Wonder Woman: Year 1
9. The Best We Could Do
Thi Bui’s brilliant semi-autobiographical novel details a minute, touching and profoundly evocative history of her Vietnamese-American refugee family. “The Best We Could Do” makes a great case for the immediacy of the graphic novel form, lending a poetic sense of humanity to a situation that all too often gets simplified in headlines.
The Best We Could Do
“Boundless” is a searchingly lyrical graphic novel– actually a graphic short story collection–that takes some uniquely 2017 elements and strains toward timelessness. Touching on the mysterious ways in which the virtual world becomes more and more surreal and seemingly magical the more sophisticated it gets, “Boundless” presents us with the gripping and heartrending tale of a woman who finds the Facebook profile of her somehow happier, better, alternate dimension self. Through it all we’re treated to Eisner Award-winner Jillian Tamaki’s sharp, wry humor and uncanny ability to illuminate the strangeness of our familiar world.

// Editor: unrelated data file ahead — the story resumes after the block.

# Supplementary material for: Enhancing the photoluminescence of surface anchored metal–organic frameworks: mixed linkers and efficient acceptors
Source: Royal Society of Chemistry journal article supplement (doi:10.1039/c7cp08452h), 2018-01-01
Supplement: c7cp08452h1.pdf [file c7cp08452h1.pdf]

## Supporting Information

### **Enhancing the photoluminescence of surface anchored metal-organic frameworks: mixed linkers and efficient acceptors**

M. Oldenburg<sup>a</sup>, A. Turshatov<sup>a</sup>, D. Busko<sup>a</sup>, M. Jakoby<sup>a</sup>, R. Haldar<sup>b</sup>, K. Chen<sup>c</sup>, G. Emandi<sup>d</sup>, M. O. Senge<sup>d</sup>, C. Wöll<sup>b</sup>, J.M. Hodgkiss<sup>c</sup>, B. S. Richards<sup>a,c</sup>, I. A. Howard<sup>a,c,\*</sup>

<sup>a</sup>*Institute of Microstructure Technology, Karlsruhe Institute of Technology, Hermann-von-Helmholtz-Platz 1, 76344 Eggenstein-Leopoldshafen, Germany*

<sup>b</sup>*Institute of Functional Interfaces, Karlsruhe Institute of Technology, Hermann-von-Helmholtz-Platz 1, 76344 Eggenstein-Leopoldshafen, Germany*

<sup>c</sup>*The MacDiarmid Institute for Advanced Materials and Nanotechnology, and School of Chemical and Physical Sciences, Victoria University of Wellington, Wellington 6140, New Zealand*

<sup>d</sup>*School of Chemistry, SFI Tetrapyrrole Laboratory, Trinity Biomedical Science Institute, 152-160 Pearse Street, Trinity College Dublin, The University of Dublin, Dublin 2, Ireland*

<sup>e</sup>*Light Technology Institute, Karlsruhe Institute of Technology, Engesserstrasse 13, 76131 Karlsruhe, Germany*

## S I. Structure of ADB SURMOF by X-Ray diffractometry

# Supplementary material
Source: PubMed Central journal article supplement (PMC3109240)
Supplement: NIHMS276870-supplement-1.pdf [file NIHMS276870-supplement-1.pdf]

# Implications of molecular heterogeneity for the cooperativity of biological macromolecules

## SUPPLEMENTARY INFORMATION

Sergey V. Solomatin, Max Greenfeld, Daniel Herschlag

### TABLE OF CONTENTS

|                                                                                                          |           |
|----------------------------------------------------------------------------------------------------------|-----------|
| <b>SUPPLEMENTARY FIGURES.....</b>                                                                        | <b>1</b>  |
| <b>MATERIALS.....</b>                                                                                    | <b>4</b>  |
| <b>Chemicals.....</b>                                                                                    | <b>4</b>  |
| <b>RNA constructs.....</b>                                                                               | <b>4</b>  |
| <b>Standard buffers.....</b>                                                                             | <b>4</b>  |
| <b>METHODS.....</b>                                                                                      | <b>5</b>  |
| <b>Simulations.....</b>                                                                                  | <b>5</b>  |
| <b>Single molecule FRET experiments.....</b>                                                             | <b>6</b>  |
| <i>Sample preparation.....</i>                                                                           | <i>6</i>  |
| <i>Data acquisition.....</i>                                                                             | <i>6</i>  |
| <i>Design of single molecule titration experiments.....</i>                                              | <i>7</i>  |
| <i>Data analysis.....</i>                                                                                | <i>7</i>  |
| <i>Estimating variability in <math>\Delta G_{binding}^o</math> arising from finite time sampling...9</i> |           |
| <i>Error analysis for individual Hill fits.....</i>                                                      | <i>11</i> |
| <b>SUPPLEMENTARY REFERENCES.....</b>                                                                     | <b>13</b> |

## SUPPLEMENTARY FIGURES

11. Everything Is Flammable
This poetic and raw story, drawn from a personal narrative of a fire-destroyed California home, merges Bell’s unique take on the quietly-surreal with a hauntingly lucid and spare storytelling style.
Everything Is Flammable
12. I, Parrot
Written by acclaimed fiction author Deb Olin Unferth (“Wait Till You See Me Dance“), “I, Parrot” is a surreal story of dedication, passion and personal meaning set amid a society that is steadily unraveling. Described by artist Molly Crabapple as a “deftly observed, sad and ultimately hopeful fable about civilization,” this graphic novel is a modern-day picaresque, rendered with subtle charm through Elizabeth Haidel’s understated, unique art.
David Rubin and Santiago Garcia’s riveting new “Beowulf” takes one of the oldest stories in English Lit and with the help of the graphic form finds new angles on it. Who says you can’t teach an old sea dog new tricks? This masterful volume makes it seem as though the 8th century Anglo Saxon battle epic was meant to be a graphic novel all along.
14. My Favorite Thing Is Monsters
Drawn in a lush, painterly style that evokes old EC comics horror genre masterpieces and an era that many called a high water mark for comic illustration, Emil Ferris’ Fantagraphics debut conjures up a Twilight Zone world set in a 1960s whose paranoia and haunted secrets parallel those of our own time.